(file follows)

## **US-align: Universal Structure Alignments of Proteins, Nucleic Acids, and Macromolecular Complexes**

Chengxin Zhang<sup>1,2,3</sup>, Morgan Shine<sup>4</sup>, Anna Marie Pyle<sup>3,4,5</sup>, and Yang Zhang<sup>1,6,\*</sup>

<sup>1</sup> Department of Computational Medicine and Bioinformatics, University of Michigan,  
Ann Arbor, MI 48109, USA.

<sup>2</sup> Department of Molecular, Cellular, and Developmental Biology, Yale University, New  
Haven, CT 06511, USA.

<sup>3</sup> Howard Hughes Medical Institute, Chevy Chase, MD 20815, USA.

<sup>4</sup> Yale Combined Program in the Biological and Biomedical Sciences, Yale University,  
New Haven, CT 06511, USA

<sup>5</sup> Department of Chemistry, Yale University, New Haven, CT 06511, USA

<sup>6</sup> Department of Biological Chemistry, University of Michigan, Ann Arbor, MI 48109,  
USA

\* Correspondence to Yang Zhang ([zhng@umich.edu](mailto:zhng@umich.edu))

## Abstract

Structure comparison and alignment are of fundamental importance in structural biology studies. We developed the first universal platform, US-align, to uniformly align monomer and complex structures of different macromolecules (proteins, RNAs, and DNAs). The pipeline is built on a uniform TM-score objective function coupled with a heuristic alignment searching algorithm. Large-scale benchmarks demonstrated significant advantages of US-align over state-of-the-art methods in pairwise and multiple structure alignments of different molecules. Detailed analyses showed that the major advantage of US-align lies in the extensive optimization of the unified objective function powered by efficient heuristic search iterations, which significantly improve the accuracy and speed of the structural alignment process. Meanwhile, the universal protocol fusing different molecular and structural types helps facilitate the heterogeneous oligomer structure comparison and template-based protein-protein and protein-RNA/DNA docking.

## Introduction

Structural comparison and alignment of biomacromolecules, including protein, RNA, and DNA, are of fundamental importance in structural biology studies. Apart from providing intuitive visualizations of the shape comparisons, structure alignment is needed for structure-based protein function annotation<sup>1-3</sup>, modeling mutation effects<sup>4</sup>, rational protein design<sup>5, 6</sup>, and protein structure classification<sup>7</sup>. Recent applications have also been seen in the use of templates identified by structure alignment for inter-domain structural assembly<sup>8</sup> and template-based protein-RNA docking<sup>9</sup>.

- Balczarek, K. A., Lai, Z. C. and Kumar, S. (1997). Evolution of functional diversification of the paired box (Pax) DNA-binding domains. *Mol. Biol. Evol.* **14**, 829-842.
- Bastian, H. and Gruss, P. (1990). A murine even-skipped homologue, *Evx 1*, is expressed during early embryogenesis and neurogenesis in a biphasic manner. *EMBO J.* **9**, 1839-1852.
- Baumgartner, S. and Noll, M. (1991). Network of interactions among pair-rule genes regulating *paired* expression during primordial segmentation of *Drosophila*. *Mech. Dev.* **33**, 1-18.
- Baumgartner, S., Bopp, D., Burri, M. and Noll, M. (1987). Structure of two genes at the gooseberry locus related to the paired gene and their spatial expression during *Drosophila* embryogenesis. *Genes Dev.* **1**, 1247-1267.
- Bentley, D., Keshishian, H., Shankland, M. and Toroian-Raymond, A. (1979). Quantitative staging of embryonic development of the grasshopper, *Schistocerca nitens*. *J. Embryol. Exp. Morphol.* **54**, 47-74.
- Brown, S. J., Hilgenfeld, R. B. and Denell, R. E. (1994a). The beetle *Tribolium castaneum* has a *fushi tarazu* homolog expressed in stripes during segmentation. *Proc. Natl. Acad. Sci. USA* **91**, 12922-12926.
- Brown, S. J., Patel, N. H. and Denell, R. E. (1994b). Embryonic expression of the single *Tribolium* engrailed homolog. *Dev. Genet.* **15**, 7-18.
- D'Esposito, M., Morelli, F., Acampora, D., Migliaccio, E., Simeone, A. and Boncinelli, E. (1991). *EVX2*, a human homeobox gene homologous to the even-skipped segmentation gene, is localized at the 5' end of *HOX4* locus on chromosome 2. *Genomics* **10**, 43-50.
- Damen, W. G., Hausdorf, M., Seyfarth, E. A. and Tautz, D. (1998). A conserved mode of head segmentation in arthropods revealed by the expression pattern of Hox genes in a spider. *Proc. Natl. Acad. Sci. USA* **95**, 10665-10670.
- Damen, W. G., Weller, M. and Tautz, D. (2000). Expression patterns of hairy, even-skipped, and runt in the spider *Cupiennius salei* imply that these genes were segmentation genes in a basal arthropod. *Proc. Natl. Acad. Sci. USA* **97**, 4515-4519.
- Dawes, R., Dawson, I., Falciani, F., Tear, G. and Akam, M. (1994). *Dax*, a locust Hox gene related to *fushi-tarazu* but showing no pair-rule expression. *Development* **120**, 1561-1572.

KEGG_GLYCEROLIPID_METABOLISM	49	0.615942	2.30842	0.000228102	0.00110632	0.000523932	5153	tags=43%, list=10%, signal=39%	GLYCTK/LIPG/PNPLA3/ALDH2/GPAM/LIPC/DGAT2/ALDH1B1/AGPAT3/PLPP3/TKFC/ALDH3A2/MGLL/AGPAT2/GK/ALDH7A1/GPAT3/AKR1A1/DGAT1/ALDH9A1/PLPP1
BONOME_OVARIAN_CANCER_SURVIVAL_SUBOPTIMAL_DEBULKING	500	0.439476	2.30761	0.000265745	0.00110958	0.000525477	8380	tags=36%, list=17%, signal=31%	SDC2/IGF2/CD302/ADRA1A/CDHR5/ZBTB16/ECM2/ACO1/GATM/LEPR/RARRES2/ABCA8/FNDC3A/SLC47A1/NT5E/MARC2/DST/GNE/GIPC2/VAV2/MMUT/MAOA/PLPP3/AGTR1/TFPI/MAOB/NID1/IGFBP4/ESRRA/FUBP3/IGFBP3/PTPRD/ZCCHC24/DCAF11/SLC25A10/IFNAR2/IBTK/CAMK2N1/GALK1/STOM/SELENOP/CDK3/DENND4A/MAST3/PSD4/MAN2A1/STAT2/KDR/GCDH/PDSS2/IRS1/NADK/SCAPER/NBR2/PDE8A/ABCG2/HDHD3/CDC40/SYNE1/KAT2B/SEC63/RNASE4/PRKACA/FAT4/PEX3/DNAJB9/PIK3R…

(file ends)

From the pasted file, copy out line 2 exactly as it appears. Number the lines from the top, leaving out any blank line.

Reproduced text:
Chengxin Zhang<sup>1,2,3</sup>, Morgan Shine<sup>4</sup>, Anna Marie Pyle<sup>3,4,5</sup>, and Yang Zhang<sup>1,6,\*</sup>